Exert from Stephan Hundt Quarterly Review 2012
Head: SPI Art Advisory Service
.... For the serious art collector, the recognition of South
African artistís worth, exemplified by the record
prices achieved in places in the last two years,
despite economic contraction and recession, is but
the cherry on the cake in terms of recognition of the
underlying pool of talent and quality of vision that this
country continues to foster.
There is little doubt art has become a seriously
investible commodity that should enjoy the same
serious consideration as any other investment-grade
asset class. In a recent Financial Times article, art
was identified alongside prime property as a relative
safe haven for international money. The Mei Moses
World Art Index reported that investment-grade art
grew 10.2% in value in 2011, outperforming both the
S&P 500 and the FTSE All Share total return indices.
South Africa is nothing like Europe or the United
States in history or scale when it comes to art, and
these reports, although encouraging, are not
necessarily reflective of what is going on here.
Nevertheless, they do provide a backdrop against
which the expanding South African art market can
be viewed as credible and growing.
.... The Citadel Art Price Index may present a bleak
picture to buyers who only seek monetary return on
their art investment. The downward trend appears
overall and for those that bought at the top end of the
previous auction season this appears pessimistic. A
closer look at what sold or not would present a more
sobering picture; investors would perhaps find some
encouragement if they retained their focus on quality
rather than follow the herd of speculators as it
rumbles along seemingly desperate to see new
record prices ....
.... Every artwork is unique and in this respect art cannot
be compared to many of the other investment asset
classes in the investment universe, other than
perhaps prime real estate. Artworks do provide
benefits to the owner. Although these may be difficult
to quantify they are clearly tangible and often
outweigh monetary considerations. A world without
art would be impossible to contemplate and it is rare
that even the most humble home doesnít have some
aspiration to have artworks on the wall.
Whether you are a serious collector, or only able to
afford a limited amount towards acquiring an artwork,
an informed choice is what differentiates between the
piece which remains exemplary of the popular taste
of the day and that which transcends its origins to be
a meaningful experience for a viewer in time to come.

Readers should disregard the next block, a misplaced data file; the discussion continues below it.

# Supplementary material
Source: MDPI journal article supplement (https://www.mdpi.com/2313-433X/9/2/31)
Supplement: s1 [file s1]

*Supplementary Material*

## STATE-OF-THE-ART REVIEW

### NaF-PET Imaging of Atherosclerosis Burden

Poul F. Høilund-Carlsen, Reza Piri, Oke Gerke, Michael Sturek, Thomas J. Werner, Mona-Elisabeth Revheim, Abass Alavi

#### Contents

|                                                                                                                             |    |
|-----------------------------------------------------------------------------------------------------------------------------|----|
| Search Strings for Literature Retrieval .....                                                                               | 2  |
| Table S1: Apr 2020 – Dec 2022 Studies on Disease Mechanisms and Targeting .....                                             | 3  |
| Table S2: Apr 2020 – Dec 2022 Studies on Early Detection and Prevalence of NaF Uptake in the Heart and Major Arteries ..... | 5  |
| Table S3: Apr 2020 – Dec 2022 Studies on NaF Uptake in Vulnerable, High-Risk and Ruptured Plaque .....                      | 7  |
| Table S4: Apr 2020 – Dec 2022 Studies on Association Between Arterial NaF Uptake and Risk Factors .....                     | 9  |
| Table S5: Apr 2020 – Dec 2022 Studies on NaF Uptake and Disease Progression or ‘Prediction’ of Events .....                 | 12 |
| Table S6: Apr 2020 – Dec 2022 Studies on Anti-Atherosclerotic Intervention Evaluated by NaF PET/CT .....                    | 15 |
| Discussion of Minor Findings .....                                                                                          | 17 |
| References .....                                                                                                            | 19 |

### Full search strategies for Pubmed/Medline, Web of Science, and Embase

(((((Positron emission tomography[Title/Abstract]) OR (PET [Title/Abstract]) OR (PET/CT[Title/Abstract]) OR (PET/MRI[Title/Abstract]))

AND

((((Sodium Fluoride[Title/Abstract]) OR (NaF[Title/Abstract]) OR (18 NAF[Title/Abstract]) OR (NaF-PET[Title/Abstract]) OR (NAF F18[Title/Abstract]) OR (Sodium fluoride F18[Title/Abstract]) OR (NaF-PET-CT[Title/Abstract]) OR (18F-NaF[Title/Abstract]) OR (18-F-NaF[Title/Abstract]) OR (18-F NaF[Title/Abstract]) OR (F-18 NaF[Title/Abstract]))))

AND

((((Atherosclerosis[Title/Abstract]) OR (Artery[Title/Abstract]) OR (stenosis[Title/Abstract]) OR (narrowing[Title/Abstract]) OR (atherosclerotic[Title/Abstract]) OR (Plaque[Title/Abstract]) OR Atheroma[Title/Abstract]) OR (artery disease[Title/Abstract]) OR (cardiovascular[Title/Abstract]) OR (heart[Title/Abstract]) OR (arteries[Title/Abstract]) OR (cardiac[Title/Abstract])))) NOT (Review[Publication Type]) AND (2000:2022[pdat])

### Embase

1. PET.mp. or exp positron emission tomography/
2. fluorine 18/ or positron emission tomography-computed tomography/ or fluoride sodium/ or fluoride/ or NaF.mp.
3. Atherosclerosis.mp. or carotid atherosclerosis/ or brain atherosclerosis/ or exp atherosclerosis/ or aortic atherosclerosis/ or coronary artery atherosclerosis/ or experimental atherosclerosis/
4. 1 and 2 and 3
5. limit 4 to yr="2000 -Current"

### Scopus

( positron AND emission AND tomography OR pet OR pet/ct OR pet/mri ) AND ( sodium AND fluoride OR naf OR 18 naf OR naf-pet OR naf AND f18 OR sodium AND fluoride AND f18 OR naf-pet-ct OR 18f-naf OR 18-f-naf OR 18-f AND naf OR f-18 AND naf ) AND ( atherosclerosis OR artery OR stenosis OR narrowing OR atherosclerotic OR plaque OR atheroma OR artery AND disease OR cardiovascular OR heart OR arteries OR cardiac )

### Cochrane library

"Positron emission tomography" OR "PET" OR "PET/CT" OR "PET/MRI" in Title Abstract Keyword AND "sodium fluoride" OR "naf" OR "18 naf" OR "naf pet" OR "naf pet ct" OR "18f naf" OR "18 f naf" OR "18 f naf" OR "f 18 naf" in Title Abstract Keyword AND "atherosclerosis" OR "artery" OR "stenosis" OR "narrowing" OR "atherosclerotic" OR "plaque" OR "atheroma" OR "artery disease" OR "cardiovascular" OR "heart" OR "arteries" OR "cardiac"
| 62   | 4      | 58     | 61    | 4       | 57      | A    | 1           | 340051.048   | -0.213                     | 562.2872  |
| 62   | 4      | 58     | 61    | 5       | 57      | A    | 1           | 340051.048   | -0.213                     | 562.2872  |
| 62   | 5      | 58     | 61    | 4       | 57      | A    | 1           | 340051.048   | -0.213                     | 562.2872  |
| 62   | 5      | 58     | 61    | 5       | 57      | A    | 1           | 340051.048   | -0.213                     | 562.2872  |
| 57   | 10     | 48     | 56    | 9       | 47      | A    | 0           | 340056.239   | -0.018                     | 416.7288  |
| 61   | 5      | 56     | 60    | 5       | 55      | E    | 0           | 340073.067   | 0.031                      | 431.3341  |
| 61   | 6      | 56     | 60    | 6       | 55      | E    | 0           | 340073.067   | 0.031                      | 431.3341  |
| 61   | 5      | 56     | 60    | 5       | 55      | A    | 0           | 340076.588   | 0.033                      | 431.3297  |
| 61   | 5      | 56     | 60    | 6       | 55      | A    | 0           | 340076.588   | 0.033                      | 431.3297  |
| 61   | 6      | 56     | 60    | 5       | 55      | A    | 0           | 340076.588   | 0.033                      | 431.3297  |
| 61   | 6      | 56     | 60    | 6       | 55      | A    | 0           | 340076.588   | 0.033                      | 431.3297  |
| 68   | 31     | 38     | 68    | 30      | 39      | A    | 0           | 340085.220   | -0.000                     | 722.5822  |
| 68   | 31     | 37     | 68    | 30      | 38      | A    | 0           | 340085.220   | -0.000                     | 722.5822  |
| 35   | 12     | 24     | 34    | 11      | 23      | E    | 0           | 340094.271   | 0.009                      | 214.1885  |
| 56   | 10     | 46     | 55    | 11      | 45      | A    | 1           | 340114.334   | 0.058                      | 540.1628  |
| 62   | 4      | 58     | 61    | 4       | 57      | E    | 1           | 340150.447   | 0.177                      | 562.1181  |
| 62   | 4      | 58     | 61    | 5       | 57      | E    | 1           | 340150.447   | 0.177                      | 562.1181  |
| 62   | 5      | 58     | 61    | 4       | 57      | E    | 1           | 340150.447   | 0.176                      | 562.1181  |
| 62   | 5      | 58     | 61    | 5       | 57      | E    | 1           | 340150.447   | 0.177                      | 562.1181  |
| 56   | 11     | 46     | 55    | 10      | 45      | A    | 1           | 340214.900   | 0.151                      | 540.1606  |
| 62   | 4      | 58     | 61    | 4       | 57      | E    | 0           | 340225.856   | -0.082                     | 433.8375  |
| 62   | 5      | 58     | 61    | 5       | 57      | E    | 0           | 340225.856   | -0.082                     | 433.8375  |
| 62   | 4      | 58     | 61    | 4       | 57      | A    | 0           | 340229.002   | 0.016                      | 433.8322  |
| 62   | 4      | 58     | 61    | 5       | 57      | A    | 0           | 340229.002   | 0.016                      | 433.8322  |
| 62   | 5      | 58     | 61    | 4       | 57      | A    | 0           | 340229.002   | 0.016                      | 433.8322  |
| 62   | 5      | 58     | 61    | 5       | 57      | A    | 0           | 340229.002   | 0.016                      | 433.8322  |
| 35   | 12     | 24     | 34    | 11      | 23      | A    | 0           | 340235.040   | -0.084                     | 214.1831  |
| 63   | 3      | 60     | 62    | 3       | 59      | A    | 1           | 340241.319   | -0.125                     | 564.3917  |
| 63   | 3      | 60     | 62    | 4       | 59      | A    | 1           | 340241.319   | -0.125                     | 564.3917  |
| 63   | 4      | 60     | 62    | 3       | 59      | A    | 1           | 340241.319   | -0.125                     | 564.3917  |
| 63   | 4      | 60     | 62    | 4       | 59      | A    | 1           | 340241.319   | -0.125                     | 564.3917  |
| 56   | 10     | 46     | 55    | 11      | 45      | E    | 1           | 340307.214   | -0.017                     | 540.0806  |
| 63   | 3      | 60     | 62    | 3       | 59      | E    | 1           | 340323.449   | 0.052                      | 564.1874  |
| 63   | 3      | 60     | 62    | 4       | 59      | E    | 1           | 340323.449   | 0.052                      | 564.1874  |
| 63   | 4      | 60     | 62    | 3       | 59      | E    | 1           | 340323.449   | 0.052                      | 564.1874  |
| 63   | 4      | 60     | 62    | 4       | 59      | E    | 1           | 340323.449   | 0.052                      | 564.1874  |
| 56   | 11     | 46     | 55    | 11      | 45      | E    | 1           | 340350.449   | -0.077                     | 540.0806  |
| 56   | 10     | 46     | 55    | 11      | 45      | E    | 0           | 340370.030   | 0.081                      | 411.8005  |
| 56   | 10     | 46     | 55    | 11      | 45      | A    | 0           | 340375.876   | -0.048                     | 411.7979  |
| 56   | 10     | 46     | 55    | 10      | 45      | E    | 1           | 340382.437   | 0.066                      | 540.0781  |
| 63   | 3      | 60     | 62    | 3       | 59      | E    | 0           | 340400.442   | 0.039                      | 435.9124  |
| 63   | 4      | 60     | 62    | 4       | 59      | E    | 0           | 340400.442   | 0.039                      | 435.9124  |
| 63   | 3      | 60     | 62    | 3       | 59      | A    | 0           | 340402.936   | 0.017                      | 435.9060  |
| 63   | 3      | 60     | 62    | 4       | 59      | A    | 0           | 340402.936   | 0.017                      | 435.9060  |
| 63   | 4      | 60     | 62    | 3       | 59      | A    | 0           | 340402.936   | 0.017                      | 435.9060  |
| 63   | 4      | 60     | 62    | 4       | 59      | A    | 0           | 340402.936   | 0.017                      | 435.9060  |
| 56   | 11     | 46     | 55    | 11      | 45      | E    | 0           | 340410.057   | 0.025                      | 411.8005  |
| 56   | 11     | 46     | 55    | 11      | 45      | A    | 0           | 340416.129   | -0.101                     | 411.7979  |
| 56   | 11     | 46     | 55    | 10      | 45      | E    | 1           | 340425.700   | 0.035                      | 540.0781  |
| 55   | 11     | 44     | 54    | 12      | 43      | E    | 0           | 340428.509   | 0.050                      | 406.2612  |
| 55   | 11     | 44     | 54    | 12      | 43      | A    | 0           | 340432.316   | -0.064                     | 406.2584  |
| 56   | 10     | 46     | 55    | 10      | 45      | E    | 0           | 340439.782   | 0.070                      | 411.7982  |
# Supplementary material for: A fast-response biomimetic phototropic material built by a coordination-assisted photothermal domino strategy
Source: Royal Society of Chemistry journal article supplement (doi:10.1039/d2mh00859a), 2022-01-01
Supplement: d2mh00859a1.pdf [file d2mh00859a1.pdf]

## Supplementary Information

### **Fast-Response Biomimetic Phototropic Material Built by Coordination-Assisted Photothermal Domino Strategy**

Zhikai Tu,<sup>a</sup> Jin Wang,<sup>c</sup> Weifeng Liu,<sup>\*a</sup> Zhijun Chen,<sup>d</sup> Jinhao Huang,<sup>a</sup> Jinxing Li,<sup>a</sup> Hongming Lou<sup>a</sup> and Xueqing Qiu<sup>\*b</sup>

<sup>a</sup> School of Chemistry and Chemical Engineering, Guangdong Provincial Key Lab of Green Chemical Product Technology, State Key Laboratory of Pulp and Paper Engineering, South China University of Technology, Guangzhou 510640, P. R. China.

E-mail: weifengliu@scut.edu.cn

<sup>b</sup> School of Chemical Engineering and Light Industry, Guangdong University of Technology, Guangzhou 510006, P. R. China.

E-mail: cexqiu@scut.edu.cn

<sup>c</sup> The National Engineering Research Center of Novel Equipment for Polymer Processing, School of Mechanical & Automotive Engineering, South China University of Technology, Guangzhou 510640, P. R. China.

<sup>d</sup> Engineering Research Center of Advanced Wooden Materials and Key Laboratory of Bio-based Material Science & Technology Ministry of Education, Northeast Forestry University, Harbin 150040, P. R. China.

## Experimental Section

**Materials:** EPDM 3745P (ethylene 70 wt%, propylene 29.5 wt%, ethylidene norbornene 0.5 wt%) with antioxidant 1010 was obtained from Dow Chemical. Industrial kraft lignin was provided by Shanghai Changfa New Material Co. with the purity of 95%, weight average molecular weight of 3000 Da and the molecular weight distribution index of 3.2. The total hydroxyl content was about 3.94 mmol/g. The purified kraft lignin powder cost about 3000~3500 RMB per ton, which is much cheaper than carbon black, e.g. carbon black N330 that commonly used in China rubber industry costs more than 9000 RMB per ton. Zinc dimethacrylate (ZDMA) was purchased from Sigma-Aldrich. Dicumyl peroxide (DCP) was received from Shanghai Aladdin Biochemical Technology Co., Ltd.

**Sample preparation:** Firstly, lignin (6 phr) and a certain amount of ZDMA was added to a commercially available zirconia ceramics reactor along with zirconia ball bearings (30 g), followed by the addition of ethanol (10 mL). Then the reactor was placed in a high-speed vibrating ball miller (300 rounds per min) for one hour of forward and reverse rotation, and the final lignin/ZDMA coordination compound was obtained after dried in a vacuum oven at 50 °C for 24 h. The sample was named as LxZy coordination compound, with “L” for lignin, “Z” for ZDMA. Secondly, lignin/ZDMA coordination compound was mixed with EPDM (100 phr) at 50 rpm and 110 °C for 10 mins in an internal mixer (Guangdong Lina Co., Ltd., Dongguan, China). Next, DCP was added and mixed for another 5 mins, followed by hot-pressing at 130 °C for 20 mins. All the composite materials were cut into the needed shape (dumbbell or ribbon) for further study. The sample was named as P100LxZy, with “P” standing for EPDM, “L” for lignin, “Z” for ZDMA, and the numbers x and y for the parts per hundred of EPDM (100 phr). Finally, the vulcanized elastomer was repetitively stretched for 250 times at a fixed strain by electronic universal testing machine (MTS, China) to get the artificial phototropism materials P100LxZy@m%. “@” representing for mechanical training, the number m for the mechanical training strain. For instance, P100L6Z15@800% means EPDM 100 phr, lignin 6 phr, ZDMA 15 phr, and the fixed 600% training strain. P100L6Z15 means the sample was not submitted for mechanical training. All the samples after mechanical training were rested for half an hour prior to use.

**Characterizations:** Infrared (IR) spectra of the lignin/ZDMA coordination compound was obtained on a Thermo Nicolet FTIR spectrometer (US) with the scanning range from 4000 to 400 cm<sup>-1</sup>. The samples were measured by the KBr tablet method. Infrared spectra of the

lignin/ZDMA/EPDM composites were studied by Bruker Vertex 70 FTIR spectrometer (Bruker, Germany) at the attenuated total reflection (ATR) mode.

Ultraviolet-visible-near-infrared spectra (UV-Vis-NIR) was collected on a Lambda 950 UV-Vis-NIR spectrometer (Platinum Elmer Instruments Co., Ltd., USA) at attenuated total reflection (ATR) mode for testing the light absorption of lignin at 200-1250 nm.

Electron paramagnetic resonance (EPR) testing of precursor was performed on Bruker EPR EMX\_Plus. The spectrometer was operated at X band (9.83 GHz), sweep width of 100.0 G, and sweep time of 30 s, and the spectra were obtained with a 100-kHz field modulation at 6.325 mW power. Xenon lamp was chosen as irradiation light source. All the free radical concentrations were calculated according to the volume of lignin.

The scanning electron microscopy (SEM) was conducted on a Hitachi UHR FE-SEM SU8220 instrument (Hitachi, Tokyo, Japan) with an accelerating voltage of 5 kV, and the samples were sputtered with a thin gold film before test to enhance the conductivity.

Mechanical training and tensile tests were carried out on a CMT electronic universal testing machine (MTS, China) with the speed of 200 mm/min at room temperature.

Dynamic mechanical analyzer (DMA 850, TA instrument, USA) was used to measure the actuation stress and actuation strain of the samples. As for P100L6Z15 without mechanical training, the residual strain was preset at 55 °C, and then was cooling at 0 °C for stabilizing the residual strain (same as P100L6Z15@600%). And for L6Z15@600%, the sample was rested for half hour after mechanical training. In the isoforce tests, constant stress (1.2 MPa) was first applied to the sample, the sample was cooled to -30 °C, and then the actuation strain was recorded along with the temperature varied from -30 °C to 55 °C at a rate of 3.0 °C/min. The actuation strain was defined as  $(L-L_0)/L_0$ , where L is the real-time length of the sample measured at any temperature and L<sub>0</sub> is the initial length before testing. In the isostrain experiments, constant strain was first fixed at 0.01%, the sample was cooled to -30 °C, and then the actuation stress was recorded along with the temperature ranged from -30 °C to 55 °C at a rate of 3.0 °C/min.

The art market is not without its fashion episodes and
marketing stratagems which may inflate prices beyond
expectations. Thorough research and expert insight
provide the tool that makes for better choices when
buying art, and thus changing what would have been
a sentimental decoration into an investment with
significant meaning ...
African Leader Dec 2004
extracts from 'mind/shift Jan 2006/issue O2
Despite huge potential, the culture of buying art as an investment in South Africa is very limited. Words: Beezy Bailey
Extremely mediocre art and posters are to be found on the wall of multinational business and in the homes of most South African millionaire businessmen.
.....With property and stocks at a premium, what to do with spare cash for good returns is becoming a subject of much consideration.
.....I continue to buy while values increase, in most cases dramatically. A R4,000 Vusi Nkumalo I bought in l996 is now worth R50,000. I have not has the experience of anything I bought devaluing.
People and businesses in South Africa who could afford original Picassos hanging on the wall are likely to spend more on curtains than paintings.
I applaud the redressing of the past in buying black art, but feel that excluding paintings by white South African to be rather racist and definitely unconstitutional...
... It thus falls to us, the artists, the arts community and big business to educate South Africans to understand that art is fundamental to our development. People need educating as to the value of any investment, be it property, share or art. It would be interesting to see how much a diamond has increased in value over the same period of time as Picasso. My guess is that art would win every time! Art bought as speculation would create the right market to allow market forces to drive prices up, thus creating the same viable art industry as in all other Western countries.
extract from articles by Simpiwe Piliso - 2006
High-fliers splash out on works of art
Corporate executives spend millions on their collections
....Art dealers this week estimated that buyers were spending from as little as R500 to as much as R1million for a single painting to hang in their homes and offices. "Some people buy art for investment purposes and others buy it to decorate their homes", said Alice Pitzer, who owns a gallery in Roodepoort, west of Joburg. She said Joburg boasted the country's largest number of classic art buyers...
Art is the new blue chip
Art is big business in Joburg - and the city's super-rich are splashing out millions on works to hand in their homes.